The latest IAB/PwC ad spend figures for the United Kingdom, released last week, reveal an industry in rude health.
In the first half of the year (H1), mobile racked up US$1.14 billion in advertising revenues, up 68% from the corresponding figure for H1 2013. If last year’s pattern is repeated, where the total 2013 ad spend was 2.3 times the H1 figure of US$689.3 million, then we are heading for a total UK mobile ad spend figure for 2014 of US$2.65 billion.
That would be a 60% increase on the total figure for 2013 of US$1.65 billion, three times 2012’s figure of US$845 million, and 43 times the 2009 total of US$60.4 million.
Mobile now accounts for 20% of UK digital ad spend, compared to 14% a year ago. And of the US$636 million spent on advertising on social media channels, 53% (US$336.8 million) is accounted for by mobile, reflecting (though slightly less than) the proportion of ad revenues that Facebook and Twitter see coming from mobile channels.
For the first time with the release of these figures, native advertising on mobile (and desktop) devices is broken out. Native (actually “native and content”) advertising accounted for $US346.9 million of advertising spend in H1 2014, including “paid-for sponsorships, advertisement features, and in-feed distribution.”
Already, this represents 21% of digital display advertising. And if that figure does not hit at least 30% for the full year when those results are out, I will be surprised.
While those in the mobile ad space will doubtless be delighted with these figures, they are also increasingly focused on the next challenge, and it’s one that applies to publishers as much as to any other vertical: that of cross-screen attribution.
Namely, how do I work out that a reader or a customer on one device is the same reader or customer on another, so that if they make their final purchase on a desktop PC after a Google search, I can recognise the part that days or weeks of research on mobile and tablet might have played in delivering the sale?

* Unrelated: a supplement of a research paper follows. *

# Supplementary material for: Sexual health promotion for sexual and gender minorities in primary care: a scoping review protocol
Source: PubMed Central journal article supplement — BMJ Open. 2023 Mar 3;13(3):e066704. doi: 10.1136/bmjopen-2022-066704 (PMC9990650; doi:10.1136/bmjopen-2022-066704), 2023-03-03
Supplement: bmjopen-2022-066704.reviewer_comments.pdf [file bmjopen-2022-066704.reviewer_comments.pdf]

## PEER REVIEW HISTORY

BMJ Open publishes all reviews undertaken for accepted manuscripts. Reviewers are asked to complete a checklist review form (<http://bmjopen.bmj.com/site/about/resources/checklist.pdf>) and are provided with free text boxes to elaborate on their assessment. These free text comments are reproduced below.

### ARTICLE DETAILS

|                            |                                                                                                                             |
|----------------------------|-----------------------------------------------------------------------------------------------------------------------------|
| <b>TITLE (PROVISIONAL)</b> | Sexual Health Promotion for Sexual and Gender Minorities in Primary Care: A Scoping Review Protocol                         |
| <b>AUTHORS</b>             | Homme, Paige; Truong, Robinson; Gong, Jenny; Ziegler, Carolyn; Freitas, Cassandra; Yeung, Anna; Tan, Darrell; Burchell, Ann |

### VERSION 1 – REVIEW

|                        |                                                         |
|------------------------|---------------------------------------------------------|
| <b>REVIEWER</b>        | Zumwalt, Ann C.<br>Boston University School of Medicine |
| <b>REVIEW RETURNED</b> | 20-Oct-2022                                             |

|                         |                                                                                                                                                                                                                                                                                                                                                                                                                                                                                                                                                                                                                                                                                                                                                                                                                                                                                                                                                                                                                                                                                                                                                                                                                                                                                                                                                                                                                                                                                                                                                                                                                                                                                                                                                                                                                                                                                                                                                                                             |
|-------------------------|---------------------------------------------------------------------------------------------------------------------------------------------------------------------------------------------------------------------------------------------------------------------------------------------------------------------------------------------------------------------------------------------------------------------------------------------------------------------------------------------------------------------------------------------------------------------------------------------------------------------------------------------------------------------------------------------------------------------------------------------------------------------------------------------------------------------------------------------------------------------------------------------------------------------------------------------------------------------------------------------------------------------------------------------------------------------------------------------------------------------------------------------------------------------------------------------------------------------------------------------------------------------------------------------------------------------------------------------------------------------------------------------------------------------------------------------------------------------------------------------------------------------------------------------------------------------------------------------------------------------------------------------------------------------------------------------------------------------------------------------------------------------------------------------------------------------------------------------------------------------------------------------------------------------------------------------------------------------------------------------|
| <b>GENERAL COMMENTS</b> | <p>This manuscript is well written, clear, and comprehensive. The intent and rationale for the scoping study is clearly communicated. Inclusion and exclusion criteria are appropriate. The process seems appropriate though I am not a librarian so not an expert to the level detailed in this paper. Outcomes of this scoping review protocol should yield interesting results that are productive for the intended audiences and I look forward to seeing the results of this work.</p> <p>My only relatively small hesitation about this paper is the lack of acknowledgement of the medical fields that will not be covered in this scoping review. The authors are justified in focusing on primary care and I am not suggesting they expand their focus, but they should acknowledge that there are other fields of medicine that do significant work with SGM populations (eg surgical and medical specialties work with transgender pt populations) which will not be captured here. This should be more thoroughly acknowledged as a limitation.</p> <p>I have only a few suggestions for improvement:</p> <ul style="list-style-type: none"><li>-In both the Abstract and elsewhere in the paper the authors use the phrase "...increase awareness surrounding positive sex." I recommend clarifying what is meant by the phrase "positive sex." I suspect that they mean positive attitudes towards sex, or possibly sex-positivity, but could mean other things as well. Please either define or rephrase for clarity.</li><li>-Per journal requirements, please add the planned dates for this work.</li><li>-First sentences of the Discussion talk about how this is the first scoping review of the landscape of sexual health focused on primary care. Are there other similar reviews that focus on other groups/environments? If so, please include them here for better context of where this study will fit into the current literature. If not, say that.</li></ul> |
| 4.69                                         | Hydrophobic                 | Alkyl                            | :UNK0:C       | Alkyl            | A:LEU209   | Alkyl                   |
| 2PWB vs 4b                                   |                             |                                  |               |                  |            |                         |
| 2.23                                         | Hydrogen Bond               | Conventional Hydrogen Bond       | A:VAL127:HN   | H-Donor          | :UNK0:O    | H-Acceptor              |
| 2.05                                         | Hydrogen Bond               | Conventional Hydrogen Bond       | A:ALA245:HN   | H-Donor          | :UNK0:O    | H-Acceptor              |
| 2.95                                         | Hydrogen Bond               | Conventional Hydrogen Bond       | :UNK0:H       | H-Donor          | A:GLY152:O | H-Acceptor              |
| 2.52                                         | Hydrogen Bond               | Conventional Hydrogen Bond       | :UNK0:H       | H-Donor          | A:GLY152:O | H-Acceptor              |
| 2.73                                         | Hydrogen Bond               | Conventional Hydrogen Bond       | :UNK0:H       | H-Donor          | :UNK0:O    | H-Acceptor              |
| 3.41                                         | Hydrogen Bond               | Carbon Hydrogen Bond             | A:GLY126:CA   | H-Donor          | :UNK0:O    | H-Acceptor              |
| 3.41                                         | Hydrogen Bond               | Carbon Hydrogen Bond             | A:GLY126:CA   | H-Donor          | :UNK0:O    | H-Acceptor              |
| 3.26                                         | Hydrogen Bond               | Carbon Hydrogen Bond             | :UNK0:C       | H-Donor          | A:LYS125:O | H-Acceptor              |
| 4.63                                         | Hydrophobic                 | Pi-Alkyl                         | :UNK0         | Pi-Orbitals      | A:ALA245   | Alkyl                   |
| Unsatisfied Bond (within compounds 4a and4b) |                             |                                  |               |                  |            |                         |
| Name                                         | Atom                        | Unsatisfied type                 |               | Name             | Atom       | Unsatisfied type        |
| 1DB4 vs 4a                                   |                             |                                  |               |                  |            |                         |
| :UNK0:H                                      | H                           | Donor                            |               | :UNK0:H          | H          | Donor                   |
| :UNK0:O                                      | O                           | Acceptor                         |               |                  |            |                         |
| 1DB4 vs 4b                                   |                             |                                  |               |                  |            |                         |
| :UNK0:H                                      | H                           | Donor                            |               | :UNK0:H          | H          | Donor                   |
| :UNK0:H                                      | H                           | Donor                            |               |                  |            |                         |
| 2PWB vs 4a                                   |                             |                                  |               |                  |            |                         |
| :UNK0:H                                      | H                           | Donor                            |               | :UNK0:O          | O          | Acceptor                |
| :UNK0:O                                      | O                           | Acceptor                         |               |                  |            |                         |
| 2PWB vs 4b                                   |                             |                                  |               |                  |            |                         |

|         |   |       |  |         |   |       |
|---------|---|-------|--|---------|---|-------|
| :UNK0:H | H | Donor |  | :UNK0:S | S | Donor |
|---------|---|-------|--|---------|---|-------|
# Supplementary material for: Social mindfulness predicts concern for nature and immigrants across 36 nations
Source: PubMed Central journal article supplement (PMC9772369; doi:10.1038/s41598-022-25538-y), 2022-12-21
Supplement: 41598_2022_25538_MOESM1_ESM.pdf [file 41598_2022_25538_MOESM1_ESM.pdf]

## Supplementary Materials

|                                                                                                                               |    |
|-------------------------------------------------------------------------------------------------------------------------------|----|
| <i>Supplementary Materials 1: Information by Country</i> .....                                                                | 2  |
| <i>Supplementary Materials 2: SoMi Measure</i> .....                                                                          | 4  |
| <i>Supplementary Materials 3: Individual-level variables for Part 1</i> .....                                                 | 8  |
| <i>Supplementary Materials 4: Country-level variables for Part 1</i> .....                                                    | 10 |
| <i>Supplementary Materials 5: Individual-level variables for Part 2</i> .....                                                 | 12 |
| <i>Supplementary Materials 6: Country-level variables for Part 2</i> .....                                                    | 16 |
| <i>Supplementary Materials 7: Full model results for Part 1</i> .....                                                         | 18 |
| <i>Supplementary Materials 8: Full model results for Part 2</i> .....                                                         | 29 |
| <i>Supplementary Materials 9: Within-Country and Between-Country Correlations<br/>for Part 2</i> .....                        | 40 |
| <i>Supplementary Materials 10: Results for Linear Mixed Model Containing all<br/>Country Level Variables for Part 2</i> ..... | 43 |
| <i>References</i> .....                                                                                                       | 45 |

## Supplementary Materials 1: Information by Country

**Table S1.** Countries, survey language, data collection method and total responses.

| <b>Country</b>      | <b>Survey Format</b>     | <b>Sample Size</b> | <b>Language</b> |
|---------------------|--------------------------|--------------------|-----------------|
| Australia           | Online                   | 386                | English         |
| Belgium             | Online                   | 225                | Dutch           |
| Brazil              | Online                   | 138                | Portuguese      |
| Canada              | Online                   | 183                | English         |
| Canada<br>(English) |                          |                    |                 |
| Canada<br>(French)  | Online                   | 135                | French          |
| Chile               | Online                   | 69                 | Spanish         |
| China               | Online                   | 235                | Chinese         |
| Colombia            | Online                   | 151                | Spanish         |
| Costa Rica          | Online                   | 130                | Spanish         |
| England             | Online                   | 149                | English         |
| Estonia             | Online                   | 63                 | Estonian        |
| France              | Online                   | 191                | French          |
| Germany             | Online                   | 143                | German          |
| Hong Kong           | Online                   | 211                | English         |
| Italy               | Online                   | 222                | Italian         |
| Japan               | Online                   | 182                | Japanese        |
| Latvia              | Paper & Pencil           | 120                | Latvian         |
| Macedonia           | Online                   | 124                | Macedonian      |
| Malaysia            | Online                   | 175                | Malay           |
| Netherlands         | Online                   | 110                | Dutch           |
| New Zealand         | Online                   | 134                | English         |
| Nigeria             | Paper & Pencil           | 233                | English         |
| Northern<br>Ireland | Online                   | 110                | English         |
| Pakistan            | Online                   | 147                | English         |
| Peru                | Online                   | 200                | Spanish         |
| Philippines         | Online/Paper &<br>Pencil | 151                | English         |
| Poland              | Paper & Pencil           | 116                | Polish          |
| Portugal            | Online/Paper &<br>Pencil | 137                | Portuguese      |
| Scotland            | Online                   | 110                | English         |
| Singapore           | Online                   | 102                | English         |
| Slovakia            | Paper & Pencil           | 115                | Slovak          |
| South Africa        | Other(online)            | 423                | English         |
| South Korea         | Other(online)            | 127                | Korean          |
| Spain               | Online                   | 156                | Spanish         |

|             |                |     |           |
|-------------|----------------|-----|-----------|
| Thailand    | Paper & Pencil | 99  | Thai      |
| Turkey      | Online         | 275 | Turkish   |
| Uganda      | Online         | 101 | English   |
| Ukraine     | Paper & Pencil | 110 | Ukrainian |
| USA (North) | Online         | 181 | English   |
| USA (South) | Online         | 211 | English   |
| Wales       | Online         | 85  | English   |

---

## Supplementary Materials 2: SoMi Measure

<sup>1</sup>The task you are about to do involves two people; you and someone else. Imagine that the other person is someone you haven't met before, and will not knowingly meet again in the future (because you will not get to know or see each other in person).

It’s an area that is a attracting a lot of investment and two types of approaches.
On the one hand, you have companies like Drawbridge (though there are many others) that use statistical methods relying on anonymous data to track people as they move between their smartphones, tablets, and PCs, identifying the same user across their various connected devices, with an 85% degree of confidence, by viewing user activity through ad requests.
Drawbridge’s Connected Consumer Graph currently includes 1.1 billion consumers across 2.6 billion devices.
On the other hand, you have the log-in approach, where two companies, Google and Facebook, are deemed to have something of an advantage. As the user is logged in on the device they are currently using, then it’s relatively easy to identify them as they move across devices.
Last week I had a meeting with an ad tech firm that confirmed to me that it sees the log-in approach as the most reliable solution. It is inviting its advertiser clients to pool their databases so they can tap into the aggregated data and identify users via an encrypted email address. It expects to have the solution available before the end of the year.
It sounds to me like a case of going back to the future, employing the age-old method of pooled data to solve a very modern marketing challenge.
Who wins and who loses in the battle for cross-screen attribution is still hard to call. But for those who do get it right, the promise is one of almost unprecedented insight into their customers’ behaviour and what makes them buy.
No wonder so many companies think this is a prize worth fighting for.